Unresolved issues bubble underneath unnoticed, often for decades like a volcano, until one day when they finally erupt. What also struck me is the term “typical symptoms” as with the mind and the body we are all so different. According to Freud’s early theory, “painful memories and feelings were repressed by the unconscious and found expression in patients physical symptoms.” Although I have suffered panic attacks and depression in the past, my current physical symptoms seem more physical than mental. These intense emotions and feelings that were repressed may have something to do with my movement around my analysts room, from one ‘place’ or ‘space,’ to another. It is as if I am unable to stay in one place or rather unable to stay with the pain and the wounds for too long so I have to move around.

My therapist was speaking today about Masud Khan who had  fifteen-years of analysis with Winnicott and mentioned the phrase “A hard nut to crack” and that “All nuts can be cracked eventually” and I immediately thought that he was refering to me and our 3 1/2 years of analysis. Whether this was actually intentional or a Freudian slip or even transference from my therapists own analysis, it did not matter. I knew my own interpretation very well which is a belief that I should have worked things out by now, that I should be sorted and more aware of my unconscious drives and desires. It, whatever that is, takes as long as it takes.

Robert S. Boynton wrote “Is the aim of psychoanalysis to “cure” or merely to comfort? Should analysts maintain a clinical, professional distance and respect the “boundaries” between themselves and their patients (as classical analysis insists upon)? Or should they strive for a so-called “real relationship,” eroding the boundaries in order to heal the patient?” I liken this to the earlier phrase “typical symptoms” as I believe that in Psychotherapy there aren’t any, it depends on a multitude of complex factors but mainly on what suits the patient and therapist. For me, the relationship is paramount, for others a more clinical relationship may be what is required. I am unsure if I will ever be “cured” but I am sure of my need for some more of that beautiful connectedness and truthfulness that penetrates deep inside, as these wounds are deeper than I thought.

My sense of identity broke down and was replaced by something that is very hard to put into words ~ Eckhart Tolle

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Musical Chairs

By Will

My current course of therapy began with my therapist and I sitting facing one another. Man to man discussions involving facial expression, eye contact and movement. After a year like this I finally plucked up courage and we began to discuss the couch, which sat far away in another corner of the room. I wondered who lay on there, I wondered what would happen if I lay on there. The couch was discussed for quite sometime and eventually it seemed to take on gargantic and magical proportions. The day came when out of the blue I stood up from my chair and lay myself down. The resistance was startling. I could not see my therapist anymore and I felt isolated, watched and extremely uncomfortable. After a few weeks, lying on the couch became second nature, and I could not imagine sitting back on the chair again. Our therapy changed at that point and I was no longer as conscious of what I said or how I said it. Unfettered speech flowed and I became surprised how open I was without eye contact.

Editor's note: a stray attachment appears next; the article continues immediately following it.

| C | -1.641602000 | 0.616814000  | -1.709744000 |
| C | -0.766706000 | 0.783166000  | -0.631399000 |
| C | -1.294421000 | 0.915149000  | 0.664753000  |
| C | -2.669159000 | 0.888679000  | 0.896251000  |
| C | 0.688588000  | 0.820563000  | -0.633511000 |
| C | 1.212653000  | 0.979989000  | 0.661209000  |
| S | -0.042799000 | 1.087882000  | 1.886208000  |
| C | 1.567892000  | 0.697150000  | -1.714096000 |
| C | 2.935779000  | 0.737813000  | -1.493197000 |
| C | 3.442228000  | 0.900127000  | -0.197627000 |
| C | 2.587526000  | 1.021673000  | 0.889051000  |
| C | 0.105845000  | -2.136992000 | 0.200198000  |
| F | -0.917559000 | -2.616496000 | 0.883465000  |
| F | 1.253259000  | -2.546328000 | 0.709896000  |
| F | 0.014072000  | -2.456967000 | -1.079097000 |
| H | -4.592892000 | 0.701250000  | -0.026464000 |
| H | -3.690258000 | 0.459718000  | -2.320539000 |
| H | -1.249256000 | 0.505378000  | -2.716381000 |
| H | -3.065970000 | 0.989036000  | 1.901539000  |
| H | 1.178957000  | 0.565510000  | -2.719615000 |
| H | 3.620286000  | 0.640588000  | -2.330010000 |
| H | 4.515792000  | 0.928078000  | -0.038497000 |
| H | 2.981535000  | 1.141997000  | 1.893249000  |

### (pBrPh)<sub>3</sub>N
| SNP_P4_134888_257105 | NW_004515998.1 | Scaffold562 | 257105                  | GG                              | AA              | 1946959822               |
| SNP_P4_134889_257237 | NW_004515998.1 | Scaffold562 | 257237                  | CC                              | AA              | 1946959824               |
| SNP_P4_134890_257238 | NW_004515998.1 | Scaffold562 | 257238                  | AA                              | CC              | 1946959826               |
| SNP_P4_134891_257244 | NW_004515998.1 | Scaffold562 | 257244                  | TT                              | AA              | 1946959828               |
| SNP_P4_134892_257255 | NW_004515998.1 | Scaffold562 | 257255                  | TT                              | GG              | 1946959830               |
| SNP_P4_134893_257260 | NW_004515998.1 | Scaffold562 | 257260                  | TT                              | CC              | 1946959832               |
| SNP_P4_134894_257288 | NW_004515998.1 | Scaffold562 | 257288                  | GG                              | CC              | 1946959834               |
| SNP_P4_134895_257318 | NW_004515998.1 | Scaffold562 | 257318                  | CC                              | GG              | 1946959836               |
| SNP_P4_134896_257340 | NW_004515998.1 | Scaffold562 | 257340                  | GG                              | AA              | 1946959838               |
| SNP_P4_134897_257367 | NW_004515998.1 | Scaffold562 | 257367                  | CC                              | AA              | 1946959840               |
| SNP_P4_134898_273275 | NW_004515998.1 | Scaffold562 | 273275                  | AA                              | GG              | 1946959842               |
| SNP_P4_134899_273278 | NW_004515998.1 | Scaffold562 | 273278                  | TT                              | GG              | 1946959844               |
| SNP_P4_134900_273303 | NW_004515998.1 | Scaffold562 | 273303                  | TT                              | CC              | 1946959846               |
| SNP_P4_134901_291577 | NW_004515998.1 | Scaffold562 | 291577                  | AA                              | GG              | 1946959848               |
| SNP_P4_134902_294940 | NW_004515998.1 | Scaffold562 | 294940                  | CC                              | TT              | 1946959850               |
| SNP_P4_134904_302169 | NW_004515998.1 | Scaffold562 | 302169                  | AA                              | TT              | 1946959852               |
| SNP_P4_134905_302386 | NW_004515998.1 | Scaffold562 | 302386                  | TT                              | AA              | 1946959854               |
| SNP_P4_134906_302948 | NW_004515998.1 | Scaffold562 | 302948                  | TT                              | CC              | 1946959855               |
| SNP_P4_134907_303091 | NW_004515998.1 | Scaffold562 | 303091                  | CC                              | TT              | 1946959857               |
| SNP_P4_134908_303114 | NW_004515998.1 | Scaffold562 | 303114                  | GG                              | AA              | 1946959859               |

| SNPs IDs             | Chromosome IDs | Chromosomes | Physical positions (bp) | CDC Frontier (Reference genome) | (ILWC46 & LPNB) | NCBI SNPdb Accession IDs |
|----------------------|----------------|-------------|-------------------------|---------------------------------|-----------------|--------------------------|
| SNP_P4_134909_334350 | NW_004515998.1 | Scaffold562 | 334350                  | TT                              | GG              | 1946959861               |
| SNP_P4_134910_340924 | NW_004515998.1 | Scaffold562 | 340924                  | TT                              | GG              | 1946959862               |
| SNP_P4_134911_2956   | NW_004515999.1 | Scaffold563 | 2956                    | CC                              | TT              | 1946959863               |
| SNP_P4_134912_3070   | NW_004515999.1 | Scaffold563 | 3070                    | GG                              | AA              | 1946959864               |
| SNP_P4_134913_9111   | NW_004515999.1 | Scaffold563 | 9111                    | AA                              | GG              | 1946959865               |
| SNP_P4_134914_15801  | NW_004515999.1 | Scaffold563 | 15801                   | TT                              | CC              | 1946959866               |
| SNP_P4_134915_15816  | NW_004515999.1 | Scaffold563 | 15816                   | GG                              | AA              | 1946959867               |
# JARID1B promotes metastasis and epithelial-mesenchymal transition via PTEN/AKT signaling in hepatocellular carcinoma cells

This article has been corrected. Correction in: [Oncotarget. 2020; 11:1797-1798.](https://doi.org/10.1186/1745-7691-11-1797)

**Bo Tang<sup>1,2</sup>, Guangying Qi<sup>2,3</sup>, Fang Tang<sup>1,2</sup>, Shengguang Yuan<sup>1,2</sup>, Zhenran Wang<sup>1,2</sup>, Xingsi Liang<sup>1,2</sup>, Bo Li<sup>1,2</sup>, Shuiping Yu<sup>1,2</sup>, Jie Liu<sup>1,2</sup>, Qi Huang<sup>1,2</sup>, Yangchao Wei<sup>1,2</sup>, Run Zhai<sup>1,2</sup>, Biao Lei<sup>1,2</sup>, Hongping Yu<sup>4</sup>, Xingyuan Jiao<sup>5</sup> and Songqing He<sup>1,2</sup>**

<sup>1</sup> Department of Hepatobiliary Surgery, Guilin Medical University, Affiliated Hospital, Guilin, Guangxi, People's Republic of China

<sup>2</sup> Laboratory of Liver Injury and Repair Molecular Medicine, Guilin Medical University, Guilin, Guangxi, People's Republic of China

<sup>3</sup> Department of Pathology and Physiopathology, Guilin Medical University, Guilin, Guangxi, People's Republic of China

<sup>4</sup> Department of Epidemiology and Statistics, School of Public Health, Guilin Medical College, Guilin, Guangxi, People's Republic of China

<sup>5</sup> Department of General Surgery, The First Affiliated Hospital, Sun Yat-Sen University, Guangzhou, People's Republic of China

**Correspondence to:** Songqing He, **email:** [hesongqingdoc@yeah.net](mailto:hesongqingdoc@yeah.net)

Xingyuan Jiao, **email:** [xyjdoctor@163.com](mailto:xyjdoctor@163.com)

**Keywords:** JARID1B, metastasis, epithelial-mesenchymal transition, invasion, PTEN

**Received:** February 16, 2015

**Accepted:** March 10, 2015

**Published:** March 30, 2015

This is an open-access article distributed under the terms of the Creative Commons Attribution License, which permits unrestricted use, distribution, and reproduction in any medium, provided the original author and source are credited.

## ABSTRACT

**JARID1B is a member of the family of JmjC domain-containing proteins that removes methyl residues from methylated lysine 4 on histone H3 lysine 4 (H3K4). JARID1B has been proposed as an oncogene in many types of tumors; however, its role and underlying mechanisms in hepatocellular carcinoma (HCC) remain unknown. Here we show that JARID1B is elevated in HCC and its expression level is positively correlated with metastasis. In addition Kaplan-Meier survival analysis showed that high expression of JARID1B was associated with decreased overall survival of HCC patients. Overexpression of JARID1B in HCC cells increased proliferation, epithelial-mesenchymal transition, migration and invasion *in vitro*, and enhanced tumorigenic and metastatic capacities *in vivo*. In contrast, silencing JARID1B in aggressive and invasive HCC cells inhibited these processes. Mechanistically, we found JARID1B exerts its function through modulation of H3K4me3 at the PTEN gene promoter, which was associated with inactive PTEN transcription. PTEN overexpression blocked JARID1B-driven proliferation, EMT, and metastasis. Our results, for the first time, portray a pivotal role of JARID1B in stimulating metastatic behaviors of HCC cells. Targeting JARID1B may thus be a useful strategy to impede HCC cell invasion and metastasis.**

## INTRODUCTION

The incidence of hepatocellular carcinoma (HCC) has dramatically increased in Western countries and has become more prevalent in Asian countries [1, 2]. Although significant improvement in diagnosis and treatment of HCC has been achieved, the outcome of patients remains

For two years our seating arrangements remained like this, until recently, when I began to feel a compulsion to sit on the floor. It felt a little crazy but I had to bring this up and for a few weeks we would discuss the possible meanings of my desire to get down on the floor. Again, one day out of the blue, I made the leap and there I was sitting cross legged in front of my therapist on the floor. This only lasted a few sessions, as it was quite uncomfortable. The next time I entered the room I took another seat next to the desk opposite my therapist. We looked at each other and we both beamed naively. Neither of us knew what was going on with all this movement, but it just seemed right.

Once again our relationship changed. We started to laugh more together and we stayed away from theory and debate. We talked about politics and art and a whole rainbow of things, and although our professional relationship remained, a new friendship seemed to begin to flourish. I started to feel a new sense of equality with him and for the first time we talked about the possibility of separation and what that meant. Later on we realised that my movement around the room mirrored the internal movements and shifts that were taking place within me. Each view point around the room gave me an alternative perspective, a new way of seeing things. It also highlighted the need to escape the pain of uncomfortable feelings and emotions. Rather than staying with these feelings I needed to move away and escape from them like a fight or flight reaction.

Often the hands will solve a mystery that the intellect has struggled with in vain ~ Carl G. Jung

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An Interview with Peter Wilkin

An Interview with retired Psychotherapist Peter Wilkin.

During this interview, I have attributed my own gender to the ‘therapist’ & the female gender to the ‘patient’, purely & simply to try & reduce any possible confusion. I have also used the term, ‘patient’, to refer to the person in therapy, though neither this label nor any of the other common alternatives have ever sat that comfortably with me. However, ‘s/he who has come to explore & make sense of his/her difficulties’ is just a tad too cumbersome to repeat throughout an interview.